When an unusually powerful El Niño struck in 1997, civil conflicts erupted across the tropics, from Sudan to Peru -- as floods, droughts and fires devastated crops, fisheries and livelihoods.

It wasn’t an isolated case, suggests growing evidence that links El Niño’s extreme weather with a spike in violent conflicts in tropical regions. As one of the strongest El Niño events in recorded history gains steam this fall, some experts are warning of the potential for more unrest to come – and the urgent need to take preventive action.

“Half the world’s population is exposed to a higher risk of violence this year,” says Solomon Hsiang, professor of public policy at Berkeley. “Now that we know what to expect, we shouldn’t necessarily sit back and watch sparks fly. There are a lot of things we can do.”

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Collapses of entire civilizations have been linked to climate shifts, with examples that go back centuries. The Little Ice Age in the mid-1600s, for example, has been blamed for widespread wars and political crises that occurred around much of the world at the time.

More recently, scientists have focused on the devastating potential of El Niño, a phenomenon that happens every few years, when surface waters in the Pacific become warmer than normal. That extra heat rises, altering atmospheric circulation patterns and affecting weather conditions around the world.

El Niño events play out in various ways from region to region, often but not always bringing rain to the American West and mild conditions to the upper Midwest. But El Niño hits hardest and most predictably in the tropics, with rising temperatures and rainfall extremes that go both ways.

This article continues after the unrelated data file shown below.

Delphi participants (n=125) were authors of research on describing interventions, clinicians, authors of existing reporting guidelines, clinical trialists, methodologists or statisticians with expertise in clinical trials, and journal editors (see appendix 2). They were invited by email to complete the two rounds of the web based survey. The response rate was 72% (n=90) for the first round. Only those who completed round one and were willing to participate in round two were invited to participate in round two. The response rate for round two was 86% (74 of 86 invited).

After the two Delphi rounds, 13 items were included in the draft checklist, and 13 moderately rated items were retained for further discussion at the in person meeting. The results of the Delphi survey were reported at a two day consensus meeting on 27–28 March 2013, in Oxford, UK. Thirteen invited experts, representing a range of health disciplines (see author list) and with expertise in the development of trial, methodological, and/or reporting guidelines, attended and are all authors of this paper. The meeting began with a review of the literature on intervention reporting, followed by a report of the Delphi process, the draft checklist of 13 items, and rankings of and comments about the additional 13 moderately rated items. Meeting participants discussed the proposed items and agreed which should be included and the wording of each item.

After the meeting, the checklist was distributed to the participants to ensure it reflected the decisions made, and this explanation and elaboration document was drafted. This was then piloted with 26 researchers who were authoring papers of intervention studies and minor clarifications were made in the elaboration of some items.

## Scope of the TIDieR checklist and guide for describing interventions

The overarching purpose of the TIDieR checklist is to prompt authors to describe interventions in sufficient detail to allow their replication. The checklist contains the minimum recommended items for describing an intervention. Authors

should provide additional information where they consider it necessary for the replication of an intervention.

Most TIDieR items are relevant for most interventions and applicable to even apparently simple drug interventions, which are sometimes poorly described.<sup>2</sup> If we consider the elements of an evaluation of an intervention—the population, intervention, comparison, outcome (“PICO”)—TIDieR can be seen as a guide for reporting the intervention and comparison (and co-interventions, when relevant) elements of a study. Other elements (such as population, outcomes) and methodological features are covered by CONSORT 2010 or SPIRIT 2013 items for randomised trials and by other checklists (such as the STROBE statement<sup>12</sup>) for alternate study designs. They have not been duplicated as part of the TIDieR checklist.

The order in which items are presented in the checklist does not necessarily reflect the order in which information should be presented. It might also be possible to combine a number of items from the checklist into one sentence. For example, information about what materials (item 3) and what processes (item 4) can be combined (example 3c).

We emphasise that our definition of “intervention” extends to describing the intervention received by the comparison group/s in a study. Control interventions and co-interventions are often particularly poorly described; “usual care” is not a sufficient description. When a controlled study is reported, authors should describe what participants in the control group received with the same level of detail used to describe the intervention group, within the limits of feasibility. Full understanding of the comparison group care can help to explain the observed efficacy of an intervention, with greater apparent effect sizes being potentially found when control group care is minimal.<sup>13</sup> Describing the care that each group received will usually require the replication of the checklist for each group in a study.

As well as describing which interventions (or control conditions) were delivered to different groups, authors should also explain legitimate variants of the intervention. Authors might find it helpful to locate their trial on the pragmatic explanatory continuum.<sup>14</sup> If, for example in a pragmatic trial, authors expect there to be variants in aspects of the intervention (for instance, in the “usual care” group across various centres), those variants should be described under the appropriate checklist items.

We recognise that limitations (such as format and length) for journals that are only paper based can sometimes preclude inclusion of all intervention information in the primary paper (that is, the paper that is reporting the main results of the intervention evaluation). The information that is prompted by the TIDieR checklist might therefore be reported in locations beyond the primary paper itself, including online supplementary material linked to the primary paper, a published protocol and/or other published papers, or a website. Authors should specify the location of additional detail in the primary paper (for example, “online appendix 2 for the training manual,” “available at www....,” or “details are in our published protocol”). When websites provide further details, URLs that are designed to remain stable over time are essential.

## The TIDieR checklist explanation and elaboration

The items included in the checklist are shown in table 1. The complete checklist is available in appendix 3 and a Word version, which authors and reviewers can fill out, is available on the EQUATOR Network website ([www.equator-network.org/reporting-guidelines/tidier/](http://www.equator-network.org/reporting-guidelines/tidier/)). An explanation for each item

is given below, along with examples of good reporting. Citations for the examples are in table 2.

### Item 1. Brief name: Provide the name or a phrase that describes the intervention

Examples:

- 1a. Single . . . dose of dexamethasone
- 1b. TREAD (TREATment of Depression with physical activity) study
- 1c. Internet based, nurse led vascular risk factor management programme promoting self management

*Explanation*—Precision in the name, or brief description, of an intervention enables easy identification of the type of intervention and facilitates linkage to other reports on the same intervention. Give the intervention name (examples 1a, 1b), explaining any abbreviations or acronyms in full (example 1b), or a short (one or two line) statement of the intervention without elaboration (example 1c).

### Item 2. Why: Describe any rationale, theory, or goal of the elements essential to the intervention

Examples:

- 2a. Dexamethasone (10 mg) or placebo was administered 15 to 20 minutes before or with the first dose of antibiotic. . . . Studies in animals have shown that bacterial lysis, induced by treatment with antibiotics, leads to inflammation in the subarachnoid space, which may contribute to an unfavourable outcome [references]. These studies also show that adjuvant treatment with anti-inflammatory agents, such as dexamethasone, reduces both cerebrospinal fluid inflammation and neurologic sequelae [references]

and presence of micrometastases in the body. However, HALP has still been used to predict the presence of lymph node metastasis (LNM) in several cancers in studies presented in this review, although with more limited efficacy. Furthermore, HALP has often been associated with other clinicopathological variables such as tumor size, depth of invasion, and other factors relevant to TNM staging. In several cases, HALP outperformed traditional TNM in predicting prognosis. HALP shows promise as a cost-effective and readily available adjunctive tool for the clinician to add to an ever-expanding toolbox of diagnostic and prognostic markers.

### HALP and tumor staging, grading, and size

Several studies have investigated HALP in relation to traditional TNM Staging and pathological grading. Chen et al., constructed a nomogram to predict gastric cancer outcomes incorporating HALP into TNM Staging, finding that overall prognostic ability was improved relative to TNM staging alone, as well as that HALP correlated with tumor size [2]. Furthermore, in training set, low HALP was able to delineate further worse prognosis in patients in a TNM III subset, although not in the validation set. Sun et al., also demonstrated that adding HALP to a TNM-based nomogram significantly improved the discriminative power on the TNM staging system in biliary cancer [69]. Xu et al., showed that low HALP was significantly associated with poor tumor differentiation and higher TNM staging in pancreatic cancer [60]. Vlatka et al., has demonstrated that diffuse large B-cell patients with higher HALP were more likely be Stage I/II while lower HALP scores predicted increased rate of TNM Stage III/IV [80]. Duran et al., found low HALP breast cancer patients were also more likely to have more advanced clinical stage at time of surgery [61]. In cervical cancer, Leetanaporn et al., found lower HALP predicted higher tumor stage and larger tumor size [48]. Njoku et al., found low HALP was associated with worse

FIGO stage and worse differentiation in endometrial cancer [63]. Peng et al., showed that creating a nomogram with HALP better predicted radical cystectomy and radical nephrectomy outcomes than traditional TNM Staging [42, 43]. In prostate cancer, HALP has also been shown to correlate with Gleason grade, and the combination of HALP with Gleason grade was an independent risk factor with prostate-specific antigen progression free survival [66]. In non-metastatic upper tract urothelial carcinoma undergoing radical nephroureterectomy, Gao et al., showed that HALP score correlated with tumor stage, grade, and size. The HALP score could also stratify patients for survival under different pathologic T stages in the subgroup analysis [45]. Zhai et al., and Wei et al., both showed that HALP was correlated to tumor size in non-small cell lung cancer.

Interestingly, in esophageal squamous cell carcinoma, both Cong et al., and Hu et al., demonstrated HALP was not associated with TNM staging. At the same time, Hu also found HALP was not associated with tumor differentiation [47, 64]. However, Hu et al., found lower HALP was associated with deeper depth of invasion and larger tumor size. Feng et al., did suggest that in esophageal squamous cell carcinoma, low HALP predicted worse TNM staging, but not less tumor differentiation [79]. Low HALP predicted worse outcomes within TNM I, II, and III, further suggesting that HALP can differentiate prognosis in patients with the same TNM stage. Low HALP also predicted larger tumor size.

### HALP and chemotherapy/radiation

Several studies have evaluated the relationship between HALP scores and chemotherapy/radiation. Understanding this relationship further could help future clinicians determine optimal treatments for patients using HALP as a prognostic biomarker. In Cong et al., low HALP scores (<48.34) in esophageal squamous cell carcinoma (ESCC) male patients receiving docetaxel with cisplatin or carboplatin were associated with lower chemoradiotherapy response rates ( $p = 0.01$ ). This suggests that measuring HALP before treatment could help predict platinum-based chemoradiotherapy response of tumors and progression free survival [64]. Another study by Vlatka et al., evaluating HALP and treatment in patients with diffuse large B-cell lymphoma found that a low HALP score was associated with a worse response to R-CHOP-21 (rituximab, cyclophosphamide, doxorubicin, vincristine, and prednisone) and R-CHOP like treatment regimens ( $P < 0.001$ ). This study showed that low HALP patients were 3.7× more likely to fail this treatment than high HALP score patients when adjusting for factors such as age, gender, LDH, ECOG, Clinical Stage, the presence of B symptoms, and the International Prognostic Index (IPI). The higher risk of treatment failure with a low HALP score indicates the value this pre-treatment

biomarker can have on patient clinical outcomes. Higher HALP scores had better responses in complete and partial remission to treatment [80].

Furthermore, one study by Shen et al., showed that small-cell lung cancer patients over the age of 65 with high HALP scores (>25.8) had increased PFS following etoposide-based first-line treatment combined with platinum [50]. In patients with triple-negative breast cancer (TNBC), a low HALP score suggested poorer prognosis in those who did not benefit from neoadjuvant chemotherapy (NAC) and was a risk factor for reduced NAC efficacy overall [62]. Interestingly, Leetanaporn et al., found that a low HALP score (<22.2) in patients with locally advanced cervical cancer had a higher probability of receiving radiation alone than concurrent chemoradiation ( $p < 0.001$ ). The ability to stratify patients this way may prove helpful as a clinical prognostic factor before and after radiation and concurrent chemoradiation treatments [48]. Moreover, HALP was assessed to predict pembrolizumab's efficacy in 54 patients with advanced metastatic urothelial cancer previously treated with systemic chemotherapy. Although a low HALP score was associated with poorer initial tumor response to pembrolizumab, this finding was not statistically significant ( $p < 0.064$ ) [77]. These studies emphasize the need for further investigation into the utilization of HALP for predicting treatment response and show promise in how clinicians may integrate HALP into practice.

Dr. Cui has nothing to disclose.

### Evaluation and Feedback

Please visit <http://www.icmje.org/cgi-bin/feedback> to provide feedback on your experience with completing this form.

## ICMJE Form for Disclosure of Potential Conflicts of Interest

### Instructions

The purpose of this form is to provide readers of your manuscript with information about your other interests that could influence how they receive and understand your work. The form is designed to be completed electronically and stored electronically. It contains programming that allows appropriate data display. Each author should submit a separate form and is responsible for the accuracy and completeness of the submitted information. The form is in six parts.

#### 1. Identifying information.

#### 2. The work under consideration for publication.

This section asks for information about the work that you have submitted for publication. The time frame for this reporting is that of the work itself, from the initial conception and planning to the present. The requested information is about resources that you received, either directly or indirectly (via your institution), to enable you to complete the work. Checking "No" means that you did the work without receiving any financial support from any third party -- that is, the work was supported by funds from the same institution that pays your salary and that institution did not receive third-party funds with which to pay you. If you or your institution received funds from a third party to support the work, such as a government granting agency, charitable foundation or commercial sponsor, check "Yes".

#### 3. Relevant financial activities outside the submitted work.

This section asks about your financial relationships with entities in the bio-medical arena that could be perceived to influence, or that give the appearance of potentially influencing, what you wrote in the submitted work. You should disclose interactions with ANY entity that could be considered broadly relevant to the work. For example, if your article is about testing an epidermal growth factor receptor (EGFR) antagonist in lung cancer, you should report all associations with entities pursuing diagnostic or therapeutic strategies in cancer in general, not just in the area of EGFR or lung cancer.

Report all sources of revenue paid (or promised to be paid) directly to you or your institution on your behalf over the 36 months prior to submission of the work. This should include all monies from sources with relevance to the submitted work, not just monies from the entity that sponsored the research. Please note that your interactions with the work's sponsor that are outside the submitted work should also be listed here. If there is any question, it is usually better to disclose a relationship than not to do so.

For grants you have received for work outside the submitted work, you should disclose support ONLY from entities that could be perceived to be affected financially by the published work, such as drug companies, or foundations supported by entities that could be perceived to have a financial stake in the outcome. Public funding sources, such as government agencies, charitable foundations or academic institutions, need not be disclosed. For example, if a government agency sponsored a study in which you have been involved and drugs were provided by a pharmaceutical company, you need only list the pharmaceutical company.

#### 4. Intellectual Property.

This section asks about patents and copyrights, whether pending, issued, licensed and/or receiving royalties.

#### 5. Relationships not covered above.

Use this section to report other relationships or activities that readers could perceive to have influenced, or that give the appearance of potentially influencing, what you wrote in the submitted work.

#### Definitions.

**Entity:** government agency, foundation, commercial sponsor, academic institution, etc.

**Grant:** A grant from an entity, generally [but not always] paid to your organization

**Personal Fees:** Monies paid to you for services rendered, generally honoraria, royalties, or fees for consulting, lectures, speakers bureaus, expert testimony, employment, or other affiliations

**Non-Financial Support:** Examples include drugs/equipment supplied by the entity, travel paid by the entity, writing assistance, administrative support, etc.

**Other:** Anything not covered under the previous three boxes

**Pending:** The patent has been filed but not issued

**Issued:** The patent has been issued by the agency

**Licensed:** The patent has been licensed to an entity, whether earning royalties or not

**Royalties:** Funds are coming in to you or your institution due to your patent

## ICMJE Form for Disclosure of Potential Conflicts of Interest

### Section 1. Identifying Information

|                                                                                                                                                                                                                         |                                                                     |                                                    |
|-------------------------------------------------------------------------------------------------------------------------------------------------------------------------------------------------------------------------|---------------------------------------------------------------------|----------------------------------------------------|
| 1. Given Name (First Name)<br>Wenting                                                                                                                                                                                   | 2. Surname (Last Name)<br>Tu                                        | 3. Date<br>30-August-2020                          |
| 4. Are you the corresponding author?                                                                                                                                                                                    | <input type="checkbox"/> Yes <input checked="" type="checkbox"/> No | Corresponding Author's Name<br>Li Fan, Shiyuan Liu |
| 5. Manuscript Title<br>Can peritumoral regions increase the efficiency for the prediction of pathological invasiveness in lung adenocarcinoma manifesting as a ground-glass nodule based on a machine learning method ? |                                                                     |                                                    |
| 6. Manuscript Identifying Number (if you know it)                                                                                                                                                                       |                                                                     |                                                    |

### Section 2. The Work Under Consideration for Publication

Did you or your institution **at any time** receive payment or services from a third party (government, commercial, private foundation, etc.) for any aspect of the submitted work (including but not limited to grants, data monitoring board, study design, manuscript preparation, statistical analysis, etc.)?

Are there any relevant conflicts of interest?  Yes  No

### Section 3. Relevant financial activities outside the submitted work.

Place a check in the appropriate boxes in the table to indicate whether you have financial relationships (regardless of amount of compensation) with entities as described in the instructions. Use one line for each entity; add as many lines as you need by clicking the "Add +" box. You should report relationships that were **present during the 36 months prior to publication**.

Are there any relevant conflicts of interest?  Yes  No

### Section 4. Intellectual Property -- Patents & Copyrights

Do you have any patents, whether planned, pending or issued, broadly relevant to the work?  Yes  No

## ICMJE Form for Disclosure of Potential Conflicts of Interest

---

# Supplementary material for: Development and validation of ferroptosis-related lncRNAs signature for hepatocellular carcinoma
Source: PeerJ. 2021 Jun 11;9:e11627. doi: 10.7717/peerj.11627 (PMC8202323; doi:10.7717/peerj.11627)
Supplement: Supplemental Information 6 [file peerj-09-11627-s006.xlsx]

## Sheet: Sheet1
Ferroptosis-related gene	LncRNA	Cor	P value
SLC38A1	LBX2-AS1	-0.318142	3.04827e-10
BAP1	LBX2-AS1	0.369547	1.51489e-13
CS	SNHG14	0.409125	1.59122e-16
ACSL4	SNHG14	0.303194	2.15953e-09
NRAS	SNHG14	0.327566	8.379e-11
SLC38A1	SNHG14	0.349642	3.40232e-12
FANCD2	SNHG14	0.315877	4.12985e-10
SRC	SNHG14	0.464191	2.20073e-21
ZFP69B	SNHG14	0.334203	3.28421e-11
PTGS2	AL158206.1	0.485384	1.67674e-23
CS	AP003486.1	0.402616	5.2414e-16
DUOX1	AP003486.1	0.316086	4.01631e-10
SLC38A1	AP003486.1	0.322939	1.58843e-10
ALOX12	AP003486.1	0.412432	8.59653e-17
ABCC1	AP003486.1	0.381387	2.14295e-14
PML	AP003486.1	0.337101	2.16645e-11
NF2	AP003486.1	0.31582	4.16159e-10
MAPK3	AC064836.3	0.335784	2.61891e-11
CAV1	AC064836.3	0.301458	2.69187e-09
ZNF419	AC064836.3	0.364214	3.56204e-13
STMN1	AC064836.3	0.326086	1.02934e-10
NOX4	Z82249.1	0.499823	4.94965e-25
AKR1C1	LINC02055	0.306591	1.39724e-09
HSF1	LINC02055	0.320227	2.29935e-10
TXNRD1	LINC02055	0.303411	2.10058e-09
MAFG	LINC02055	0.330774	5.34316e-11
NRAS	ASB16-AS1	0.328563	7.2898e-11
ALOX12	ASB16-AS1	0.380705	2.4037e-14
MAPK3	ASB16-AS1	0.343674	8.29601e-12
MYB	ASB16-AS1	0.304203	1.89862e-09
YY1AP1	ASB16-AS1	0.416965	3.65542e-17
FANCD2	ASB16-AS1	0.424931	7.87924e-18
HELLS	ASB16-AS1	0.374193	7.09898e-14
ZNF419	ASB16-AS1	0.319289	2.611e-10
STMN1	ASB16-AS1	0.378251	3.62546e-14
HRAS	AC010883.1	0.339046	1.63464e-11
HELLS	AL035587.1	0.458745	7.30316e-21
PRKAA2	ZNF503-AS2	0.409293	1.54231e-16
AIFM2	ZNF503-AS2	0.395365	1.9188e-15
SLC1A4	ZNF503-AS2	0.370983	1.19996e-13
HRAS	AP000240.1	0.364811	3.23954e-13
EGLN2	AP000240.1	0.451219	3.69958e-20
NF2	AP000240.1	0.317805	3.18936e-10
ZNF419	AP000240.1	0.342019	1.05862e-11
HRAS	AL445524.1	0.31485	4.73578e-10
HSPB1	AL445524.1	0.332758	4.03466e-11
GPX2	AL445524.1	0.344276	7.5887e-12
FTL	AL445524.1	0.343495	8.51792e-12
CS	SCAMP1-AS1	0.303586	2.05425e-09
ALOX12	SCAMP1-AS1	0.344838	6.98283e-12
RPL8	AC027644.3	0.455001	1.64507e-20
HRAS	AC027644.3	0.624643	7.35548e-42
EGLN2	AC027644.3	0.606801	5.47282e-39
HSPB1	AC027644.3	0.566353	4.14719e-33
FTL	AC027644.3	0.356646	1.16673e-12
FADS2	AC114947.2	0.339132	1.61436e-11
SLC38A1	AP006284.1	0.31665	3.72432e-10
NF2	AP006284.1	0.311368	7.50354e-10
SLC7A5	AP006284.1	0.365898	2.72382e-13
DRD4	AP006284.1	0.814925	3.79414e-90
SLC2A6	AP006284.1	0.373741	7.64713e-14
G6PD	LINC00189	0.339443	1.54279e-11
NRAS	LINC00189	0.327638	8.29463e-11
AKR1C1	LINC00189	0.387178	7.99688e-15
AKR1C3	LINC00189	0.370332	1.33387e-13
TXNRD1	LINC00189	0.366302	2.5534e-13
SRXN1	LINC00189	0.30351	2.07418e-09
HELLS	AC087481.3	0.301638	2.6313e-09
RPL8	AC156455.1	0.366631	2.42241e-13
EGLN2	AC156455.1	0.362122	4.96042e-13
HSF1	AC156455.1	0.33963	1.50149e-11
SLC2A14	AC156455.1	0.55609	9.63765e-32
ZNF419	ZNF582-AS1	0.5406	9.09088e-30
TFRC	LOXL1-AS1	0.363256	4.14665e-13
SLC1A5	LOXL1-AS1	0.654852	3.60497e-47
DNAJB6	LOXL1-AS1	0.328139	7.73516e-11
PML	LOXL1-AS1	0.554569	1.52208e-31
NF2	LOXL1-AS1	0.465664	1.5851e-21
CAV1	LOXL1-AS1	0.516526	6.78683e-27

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Already, this year’s El Niño has sparked forest fires in Indonesia, drought in Ethiopia and a wimpy monsoon season in India, says Marc Cane, a climate scientist at the Lamont-Doherty Earth Observatory at Columbia University in New York, who created the first predictive model for El Niño.

Flooding is expected in Uruguay, southern Brazil and northern Argentina, while parched conditions are likely in most of Southeast Asia, Africa, the South Pacific and much of South and Central America.

Those weather extremes can be economically disastrous in the tropical world, where crops often fail when it’s too hot, dry or wet. Farmers struggle to make a living. Food prices go up. And people who already spend a large portion of their income on food end up facing financial stress. Conflict, according to accumulating evidence, often follows.

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Over a span of five decades from 1950 to 2004, for example, risks for violent conflicts doubled in El Niño years compared to La Niña years (when Pacific waters are colder than usual), found a 2011 analysis. Overall, concluded the research team, which included Hsiang and Cane, ENSO events played a role in 21 percent of all civil conflicts during that time.